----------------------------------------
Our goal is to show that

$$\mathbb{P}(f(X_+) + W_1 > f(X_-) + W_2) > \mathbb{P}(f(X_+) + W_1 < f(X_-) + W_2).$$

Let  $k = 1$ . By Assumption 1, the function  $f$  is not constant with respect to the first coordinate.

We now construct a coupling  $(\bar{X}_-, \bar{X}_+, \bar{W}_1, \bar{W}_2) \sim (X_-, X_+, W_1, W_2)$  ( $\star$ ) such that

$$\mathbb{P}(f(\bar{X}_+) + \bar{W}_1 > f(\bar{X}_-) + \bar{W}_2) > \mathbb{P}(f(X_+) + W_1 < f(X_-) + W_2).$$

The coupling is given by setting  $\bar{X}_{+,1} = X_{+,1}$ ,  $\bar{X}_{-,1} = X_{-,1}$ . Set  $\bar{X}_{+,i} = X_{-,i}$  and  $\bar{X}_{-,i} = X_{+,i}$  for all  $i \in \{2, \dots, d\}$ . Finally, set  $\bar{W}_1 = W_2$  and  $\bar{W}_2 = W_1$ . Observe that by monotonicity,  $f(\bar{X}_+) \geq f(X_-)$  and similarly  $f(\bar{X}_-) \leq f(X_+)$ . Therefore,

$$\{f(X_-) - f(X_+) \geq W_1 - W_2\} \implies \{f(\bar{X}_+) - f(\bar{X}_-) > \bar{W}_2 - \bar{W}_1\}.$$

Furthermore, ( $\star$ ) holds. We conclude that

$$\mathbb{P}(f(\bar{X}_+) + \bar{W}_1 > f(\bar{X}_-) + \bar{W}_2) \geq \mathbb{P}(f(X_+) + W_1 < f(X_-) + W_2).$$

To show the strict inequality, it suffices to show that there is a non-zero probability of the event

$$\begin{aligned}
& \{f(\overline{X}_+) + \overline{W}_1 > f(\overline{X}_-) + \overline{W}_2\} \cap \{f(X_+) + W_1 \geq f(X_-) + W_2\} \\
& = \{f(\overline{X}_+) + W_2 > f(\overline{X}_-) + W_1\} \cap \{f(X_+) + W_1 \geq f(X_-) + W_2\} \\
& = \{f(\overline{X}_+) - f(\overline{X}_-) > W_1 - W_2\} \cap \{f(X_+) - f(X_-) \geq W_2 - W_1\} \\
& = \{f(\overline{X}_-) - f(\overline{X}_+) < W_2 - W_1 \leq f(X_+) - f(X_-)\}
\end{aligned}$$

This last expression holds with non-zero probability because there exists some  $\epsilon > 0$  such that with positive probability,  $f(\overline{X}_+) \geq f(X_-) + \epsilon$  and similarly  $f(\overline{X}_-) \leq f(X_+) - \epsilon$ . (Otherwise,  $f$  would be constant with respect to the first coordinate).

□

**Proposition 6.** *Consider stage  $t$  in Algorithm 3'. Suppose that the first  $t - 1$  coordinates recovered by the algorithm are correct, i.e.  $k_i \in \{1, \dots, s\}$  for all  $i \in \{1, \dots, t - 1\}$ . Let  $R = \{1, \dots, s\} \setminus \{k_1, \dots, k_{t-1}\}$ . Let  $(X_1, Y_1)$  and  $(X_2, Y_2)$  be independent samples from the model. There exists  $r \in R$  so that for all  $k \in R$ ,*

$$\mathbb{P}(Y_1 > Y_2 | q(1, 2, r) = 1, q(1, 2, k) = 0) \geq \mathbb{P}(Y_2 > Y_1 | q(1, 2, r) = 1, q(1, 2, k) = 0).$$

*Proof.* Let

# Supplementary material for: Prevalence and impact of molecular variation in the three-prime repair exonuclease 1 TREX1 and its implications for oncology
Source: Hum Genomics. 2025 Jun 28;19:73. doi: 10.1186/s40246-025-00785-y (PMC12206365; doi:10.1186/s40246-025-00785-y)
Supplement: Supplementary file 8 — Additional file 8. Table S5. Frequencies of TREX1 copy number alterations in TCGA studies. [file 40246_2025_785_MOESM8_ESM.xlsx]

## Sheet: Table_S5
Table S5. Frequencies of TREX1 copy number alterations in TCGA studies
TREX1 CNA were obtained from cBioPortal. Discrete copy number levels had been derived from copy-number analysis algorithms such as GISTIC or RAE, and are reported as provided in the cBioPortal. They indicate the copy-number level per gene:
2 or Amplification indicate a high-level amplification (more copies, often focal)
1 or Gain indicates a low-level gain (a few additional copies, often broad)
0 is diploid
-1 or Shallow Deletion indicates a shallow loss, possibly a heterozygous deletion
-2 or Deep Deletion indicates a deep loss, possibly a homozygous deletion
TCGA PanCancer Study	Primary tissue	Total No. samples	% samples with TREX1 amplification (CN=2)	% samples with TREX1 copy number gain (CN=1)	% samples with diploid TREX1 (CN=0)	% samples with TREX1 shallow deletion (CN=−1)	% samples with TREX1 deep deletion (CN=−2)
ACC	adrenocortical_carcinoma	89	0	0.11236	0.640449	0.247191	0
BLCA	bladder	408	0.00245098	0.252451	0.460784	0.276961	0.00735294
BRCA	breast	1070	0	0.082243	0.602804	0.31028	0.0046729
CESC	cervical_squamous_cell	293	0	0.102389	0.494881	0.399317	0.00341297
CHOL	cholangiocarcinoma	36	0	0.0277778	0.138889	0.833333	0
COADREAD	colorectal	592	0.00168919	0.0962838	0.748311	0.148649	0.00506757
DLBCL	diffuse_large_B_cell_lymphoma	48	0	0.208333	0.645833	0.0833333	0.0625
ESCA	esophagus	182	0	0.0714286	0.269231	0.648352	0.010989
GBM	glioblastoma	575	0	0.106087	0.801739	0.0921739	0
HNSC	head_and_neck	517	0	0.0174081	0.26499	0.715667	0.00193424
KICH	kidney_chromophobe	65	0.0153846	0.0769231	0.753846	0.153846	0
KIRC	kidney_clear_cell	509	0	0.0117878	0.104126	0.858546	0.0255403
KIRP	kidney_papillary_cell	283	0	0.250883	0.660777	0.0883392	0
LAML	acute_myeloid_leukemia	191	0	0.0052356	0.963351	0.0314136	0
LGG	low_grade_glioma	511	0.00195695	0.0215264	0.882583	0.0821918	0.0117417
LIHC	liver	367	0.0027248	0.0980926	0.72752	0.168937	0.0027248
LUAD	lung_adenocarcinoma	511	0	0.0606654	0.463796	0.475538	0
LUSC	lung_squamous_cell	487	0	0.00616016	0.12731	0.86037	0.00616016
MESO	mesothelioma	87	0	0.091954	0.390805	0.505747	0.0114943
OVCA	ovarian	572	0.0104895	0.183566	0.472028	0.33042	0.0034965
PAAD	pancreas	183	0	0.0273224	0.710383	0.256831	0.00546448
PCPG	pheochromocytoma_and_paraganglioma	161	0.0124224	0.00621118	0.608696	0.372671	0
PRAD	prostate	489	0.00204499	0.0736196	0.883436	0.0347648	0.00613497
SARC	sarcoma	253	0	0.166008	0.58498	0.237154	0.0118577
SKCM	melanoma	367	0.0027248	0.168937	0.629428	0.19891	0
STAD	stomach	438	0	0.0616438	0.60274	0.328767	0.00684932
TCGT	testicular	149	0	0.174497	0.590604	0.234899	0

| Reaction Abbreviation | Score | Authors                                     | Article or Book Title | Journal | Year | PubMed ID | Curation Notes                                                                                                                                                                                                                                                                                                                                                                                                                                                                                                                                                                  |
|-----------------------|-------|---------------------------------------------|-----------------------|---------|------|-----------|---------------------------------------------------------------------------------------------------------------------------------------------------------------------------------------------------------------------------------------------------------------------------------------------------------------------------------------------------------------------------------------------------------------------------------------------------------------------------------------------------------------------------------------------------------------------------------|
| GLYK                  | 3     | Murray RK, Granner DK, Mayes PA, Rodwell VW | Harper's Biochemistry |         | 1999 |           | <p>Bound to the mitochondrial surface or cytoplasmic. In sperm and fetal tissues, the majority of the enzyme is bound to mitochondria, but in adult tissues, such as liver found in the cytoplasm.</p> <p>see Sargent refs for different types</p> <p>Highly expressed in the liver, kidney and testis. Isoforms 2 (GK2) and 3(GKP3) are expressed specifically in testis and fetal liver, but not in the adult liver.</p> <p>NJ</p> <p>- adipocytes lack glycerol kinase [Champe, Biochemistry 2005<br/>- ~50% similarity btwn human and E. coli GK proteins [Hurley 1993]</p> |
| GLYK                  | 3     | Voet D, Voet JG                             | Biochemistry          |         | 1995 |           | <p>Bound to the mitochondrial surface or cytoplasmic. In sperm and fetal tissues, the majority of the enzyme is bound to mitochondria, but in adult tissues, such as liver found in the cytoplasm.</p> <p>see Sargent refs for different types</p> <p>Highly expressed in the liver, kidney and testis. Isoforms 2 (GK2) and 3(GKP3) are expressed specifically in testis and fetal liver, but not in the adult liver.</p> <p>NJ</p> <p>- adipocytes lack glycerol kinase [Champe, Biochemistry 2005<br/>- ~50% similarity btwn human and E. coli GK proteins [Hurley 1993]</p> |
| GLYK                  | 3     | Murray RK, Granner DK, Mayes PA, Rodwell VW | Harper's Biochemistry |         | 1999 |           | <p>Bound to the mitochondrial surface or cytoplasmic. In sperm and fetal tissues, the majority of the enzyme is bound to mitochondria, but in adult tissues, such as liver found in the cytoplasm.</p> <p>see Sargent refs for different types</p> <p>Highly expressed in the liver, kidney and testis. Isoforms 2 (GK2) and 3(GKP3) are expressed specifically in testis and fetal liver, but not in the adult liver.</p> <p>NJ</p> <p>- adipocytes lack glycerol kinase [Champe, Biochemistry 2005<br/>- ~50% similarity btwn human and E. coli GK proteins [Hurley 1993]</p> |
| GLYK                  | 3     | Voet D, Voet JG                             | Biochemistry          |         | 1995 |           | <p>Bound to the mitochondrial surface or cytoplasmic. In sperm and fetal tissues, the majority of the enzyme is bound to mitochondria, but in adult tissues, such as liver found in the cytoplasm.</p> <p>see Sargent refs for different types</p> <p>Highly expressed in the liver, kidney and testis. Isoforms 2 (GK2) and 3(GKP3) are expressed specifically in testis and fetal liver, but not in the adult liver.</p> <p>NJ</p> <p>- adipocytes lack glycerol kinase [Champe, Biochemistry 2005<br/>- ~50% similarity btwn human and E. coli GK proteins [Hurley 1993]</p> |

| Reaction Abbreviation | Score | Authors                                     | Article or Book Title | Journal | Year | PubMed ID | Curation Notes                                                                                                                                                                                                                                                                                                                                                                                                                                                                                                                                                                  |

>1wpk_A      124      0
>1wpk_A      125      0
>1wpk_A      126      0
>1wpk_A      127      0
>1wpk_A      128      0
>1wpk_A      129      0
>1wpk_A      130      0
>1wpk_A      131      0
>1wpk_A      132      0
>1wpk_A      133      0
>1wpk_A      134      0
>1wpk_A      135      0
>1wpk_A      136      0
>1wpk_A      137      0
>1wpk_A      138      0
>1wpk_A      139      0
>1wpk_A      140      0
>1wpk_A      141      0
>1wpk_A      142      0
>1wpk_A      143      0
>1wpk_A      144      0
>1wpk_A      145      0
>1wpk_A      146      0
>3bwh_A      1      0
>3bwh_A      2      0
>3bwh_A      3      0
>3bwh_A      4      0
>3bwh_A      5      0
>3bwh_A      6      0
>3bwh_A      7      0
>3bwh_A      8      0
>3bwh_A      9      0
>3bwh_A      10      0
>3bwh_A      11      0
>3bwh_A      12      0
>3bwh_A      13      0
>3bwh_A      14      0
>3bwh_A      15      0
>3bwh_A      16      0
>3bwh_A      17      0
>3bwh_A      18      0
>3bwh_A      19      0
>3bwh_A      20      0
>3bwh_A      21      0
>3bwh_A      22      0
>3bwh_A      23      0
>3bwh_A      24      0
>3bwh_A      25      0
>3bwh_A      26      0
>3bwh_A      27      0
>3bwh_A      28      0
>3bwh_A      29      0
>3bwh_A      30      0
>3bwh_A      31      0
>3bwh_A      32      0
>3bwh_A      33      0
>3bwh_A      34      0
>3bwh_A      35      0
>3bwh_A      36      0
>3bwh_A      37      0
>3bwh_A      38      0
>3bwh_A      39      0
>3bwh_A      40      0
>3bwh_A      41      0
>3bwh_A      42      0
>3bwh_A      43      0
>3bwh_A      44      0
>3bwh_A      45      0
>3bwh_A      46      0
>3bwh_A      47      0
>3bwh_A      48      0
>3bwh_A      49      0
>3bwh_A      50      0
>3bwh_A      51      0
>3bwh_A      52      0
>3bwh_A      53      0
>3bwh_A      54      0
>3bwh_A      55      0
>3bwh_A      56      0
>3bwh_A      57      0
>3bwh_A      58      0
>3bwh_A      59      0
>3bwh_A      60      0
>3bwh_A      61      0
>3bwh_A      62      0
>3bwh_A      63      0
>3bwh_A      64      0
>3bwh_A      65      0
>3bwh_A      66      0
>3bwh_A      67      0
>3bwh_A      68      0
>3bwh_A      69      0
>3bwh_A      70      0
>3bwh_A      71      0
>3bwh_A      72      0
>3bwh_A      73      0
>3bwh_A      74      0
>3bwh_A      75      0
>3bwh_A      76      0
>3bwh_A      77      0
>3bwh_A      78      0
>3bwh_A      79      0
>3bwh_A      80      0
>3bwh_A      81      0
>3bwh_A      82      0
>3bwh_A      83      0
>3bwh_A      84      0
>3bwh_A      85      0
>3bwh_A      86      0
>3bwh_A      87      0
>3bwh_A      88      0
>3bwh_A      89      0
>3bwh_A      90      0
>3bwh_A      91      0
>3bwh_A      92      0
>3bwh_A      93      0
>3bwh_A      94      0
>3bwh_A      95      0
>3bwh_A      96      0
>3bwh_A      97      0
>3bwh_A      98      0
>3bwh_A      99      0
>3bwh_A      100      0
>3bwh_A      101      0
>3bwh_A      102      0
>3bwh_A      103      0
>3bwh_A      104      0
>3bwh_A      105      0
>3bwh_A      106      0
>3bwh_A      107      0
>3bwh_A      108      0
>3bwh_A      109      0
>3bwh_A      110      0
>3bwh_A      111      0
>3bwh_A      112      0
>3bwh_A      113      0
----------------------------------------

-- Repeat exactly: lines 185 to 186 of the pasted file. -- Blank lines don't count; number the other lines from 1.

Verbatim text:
>3bwh_A      95      0
>3bwh_A      96      0